Pushing the bed to 150c is fairly straightforward, and possible on a direct current bed, however it comes with the inabilty to use magnetic beds due to delamination and adhesive failure. For printing on extremely hot printbeds, glass is the most effective option. Even the highest temperature rated magnetic mats avaliable tend to lose their magnetiscm at temperatures approaching 130c. It is possible to affix a ULTEM sheet to the bed of the priner mechanically with clips, if that is the route you would prefer.

I feel it would be a disservice to talk about the bed heater without mentioning the impact proper insulation can have on your heat-up times. It was impressive. Using the stock PCB heater, insulating the underside of the heatbed with approximately 3mm of cork decreased heat-up time by more than 50% (11:57 vs 5:35) on a PID tuned bed. I recommend Silicone as an insulator instead of cork since, while slightly more expensive, it does not burn and is therefore safer in the event of an electrical fault.

New Firmware, Same Board

In order to advance past Creality's stock maximum of 260 degrees on the hotend, Marlin firmware needed to be modified. Once you obtain and install the necessary components to safely allow your printer to reach higher temperatures than a "normal" all metal hotend (more on that later) you can safely increase your firmwre max temperature to 500 on the hotend and 160 on the bed. After you have installed the necessary components. Not before.

Honestly, the first time flashing firmware was the hardest part of the entire project thus far and I don't wish it on my worst enemy. That's why the V6-I hotend comes with firmware for Ender-3 series 3D printers.

High-temperature thermistors were elected to be used instead of thermocouples, so it is possible to run on a stock motherboard to minimize cost.

High-temperature thermistors are not like normal thermistors in that they struggle with room temperature and are horribly inaccurate until it gets to approximately 100c. The firmware must be modified to not interpret these expected incorrect readings as a thermal runaway. It is imperative that you -DO NOT DISABLE THERMAL RUNAWAY PROTECTION- and instead make the changes required by your specific thermistor. Contact the supplier for the firmware changes that you need to make when compiling since not all are created equal and some require inputting completely new thermistor tables.

Hot End Choices: Part Two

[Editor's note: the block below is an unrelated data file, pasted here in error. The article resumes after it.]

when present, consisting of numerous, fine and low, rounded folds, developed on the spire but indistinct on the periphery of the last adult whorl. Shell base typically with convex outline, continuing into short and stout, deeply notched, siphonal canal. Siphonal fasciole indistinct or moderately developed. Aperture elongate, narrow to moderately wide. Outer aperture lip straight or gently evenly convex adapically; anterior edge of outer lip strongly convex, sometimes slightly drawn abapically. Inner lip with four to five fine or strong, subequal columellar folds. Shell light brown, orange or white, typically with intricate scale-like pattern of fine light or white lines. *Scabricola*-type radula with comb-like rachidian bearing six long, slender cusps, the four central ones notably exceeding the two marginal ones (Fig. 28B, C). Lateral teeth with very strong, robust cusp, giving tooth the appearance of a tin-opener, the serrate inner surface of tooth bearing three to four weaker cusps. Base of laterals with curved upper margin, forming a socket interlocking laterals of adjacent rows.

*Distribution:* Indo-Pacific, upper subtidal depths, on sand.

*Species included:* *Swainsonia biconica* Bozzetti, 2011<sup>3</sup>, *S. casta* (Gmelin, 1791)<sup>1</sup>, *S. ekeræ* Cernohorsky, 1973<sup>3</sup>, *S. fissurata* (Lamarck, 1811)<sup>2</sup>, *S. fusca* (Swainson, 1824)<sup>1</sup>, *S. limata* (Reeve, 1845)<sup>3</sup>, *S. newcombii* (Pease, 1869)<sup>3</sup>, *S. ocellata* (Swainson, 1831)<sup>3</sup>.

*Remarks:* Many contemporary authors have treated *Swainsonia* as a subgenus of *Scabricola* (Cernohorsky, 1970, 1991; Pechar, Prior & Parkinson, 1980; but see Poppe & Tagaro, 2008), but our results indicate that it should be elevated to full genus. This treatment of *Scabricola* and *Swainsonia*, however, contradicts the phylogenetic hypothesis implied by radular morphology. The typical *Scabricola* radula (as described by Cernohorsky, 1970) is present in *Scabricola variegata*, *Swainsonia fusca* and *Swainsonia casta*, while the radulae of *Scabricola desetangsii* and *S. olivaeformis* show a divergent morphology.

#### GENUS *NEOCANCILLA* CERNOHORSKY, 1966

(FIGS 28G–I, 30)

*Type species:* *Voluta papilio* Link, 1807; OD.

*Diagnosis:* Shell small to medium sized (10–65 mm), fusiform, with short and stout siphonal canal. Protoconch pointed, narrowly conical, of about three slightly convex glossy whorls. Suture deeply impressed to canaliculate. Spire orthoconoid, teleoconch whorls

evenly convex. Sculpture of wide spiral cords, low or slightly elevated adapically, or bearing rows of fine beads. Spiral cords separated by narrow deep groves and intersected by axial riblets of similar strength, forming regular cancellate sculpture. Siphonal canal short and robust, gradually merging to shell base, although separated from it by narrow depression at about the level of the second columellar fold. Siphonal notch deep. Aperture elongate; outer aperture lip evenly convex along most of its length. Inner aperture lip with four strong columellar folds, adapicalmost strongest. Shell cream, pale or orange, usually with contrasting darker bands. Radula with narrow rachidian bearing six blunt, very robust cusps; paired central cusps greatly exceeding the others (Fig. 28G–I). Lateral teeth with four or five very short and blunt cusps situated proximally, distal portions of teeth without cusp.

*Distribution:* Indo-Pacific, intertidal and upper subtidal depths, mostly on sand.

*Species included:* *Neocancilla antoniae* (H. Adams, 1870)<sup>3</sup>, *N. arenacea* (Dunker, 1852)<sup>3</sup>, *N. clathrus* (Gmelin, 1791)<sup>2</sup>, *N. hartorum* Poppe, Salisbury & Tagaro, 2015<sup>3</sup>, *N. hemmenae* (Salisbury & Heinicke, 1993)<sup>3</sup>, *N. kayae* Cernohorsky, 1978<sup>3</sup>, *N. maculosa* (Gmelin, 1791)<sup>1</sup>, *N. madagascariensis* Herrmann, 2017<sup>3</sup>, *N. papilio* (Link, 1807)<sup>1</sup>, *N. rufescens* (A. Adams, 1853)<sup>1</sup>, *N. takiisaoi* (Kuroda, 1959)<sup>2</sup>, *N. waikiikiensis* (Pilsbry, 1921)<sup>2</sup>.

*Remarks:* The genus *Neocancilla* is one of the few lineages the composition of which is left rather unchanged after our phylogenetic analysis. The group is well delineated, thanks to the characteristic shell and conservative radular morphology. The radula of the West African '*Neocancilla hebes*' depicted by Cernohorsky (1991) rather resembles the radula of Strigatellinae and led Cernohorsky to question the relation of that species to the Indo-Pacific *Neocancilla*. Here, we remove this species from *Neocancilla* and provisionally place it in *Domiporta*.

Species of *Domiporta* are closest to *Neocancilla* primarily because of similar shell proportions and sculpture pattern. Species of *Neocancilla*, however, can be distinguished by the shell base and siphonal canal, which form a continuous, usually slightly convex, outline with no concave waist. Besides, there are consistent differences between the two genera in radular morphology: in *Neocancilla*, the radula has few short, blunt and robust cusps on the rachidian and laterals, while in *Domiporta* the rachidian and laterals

Really Turning up the Heat

At the end of the capability of the stock configuration the aluminum heatblock and the thermistor must be replaced. Intuitively, choosing a robust high-temp thermistor can read up to 500c, covering all printable thermoplastics. In changing the heatblock, your options include either copper or brass. The best choice is brass. Brass remains much stronger than copper at elevated temperatures, not considering how more beautiful machined brass looks. A common objection to this is that copper is more thermally conductive than brass, however this is not appreciably useful since the heating element is very very close to the filament path and is located closer to the filament than the thermistor is.

Concern about added weight is misplaced since, while less mass on the printhead is better, this is a bowden setup and is still much lighter than a direct drive set-up and did not experience issues with flexibles during testing.

Did it Work?


Following the changes made in the record above, the machine ws able to accurately print appropriate parts for its build volume in every material that we threw at it.

The biggest takeaways, in my opinion, was the shift in belief as to how important a 3rd heat source in the enclosure is. While an appropriate chamber heater is no doubt important for large parts, the need for additional active heating was not readily observed for reasonably sized parts, and the resistance of a standard V6 hotend to heatcreep even in a hot build enviroment is impressive as the machine presented with electronics-related heat issues (XYZ shifts due to overheating of the stepper drivers on the board) well before cooling of the cold-side of the hotend failed.